OK, but who was the first person(s) to figure this all out? I mean, all of us stand on the shoulders of giants, right? It’s one thing for a modern to follow a recipe for Mexican Mole, quite another for the person who made it from scratch the very first time, possibly armed with an atomic-level understanding of food chemistry (a book with that title I actually have in my library because, as I’m sure you’ve surmised by now, that level of detail interests me. You wanna talk about your rabbit holes!). OK, maybe that’s not the right analogy. Surely it’s possible (in fact likely) that many of the recipes we now enjoy originated from brute force trial and error, and not an atomic-level understanding by the chef of the precise way specific sugar molecules interact with fat molecules, and in what quantities, to elicit that wondrous flavor sensation at the taste receptors on our tongues that only an exquisitely executed mole can deliver. (By the way, guess what? Taste receptors are yet another kind of protein that activate other cellular pathways that end in the brain: “Wow, that tastes fabulous!”) On the other hand, trial ‘n error does roughly describe the approach many kinds of modern scientific experiments take to elucidate how something works. At a conference I spoke at many years ago in Sweden, an instructor at a short course I attended on cell mechanics wisely said in his intro: “I can’t understand something unless I can break it.” Even with my jet-lag addled brain I thought, yeah, that’s exactly right.

Thinking back on the radio mystery, I’m sure it had dawned on me that even if I could disassemble all the inner workings of the radio into its constituent parts, lay them out on the desktop, that alone wouldn’t explain how the invisible waves all around us were transformed into Paul Harvey’s voice in my brain. The experience of a voice from a radio cannot be understood merely by a thorough understanding of how the individual parts themselves work. Nor is it revealed by how the parts interconnect. You also need to understand the nature of the invisible waves, how a wave is created and stores information, the nature of electricity and magnetism. And then how the sonic waves generated by a vibrating speaker cone impinge on the receptors in the human ear that activate pathways that eventually end in the brain rendering the experience: “Good Day.”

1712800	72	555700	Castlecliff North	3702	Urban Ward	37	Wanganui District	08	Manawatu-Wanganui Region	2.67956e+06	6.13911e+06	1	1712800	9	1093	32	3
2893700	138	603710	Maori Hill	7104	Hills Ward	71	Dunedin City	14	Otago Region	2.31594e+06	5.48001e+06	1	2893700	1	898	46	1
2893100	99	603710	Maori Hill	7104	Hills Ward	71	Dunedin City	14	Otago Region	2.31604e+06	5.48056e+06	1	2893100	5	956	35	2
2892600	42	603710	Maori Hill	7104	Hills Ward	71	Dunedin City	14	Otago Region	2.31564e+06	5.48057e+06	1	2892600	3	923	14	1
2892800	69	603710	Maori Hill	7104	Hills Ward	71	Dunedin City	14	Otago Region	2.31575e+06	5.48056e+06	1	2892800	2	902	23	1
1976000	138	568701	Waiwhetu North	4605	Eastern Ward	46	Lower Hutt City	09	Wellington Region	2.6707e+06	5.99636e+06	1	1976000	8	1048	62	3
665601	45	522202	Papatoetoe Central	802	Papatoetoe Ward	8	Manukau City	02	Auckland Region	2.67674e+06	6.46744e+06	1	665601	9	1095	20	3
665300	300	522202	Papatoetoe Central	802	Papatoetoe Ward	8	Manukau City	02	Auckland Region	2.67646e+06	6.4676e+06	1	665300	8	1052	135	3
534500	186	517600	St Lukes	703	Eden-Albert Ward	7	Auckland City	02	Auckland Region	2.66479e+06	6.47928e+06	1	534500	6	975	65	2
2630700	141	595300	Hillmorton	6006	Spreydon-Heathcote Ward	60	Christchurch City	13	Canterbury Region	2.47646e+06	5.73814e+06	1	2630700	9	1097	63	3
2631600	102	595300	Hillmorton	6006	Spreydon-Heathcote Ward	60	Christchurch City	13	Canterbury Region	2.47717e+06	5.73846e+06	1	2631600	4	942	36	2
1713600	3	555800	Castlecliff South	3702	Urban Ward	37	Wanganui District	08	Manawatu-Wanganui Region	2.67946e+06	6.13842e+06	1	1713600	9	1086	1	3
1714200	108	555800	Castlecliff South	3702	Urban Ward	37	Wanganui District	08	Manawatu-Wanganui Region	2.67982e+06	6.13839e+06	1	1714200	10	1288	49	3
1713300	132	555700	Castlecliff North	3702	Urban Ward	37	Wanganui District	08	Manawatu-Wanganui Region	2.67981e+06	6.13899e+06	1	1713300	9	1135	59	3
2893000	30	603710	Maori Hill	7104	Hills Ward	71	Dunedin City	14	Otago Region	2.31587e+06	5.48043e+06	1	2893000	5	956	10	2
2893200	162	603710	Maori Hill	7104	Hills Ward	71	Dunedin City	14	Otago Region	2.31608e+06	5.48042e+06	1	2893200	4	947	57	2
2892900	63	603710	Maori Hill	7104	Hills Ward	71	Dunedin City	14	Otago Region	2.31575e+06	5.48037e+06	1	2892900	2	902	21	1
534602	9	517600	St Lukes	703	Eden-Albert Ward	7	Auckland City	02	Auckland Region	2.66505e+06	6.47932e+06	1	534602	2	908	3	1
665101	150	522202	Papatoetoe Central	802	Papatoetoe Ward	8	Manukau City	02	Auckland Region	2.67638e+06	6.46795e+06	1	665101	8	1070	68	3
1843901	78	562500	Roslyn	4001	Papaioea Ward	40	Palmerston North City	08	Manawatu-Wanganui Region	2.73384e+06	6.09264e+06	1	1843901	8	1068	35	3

To gain that detail of understanding then would require “experiments.” Breaking certain connections or removing parts from the system and observing what happens. Just like that instructor at the conference said about cells and understanding molecular pathways, same with radios, or any other electro-mechanical device for that matter. They all fascinated me. Although I’m sure my father & mother back then would not have been pleased to know I deliberately broke my radio, budding scientist or not. Radios in 1970 were not inexpensive. And while I really was uber-curious how it worked, I too didn’t want to break it

So, the moral of the story is that in order to really understand how things work, at least to a first level approximation… well, before I get to that, may I suggest not being like me (a “reductionist”) in the first place? There’s a lot of merit in not concerning yourself with how things work, but instead just being content with wanting stuff to work properly. I claim this is why most people buy iPhones. And I don’t mean that in derogatory way. To the contrary, actually. Reductionists like me are prone to discontent if we can’t “fiddle” with the operating system (OS) like you can on an Android phone. The desire (or addiction) to perform endless configurations, or experiment with switch settings to gain some understanding of how the OS works, can be seen as a bug of human psychology rather than a feature. I get that. Or wanting to remove the operating system altogether and replace it with a custom one some dude on the Internet made. Now we’re cooking! (I’ve personally done that more than once. And of course that doesn’t surprise you!). But if you are like me, then yeah, the moral here is that you need to show up equipped with some basic science chops (you don’t need to be a prodigy) and be willing to break systems (run experiments) of the kind you wish to understand.

And then lean back and get ready because once you start down that path it’s gonna be rabbit holes the rest of the way!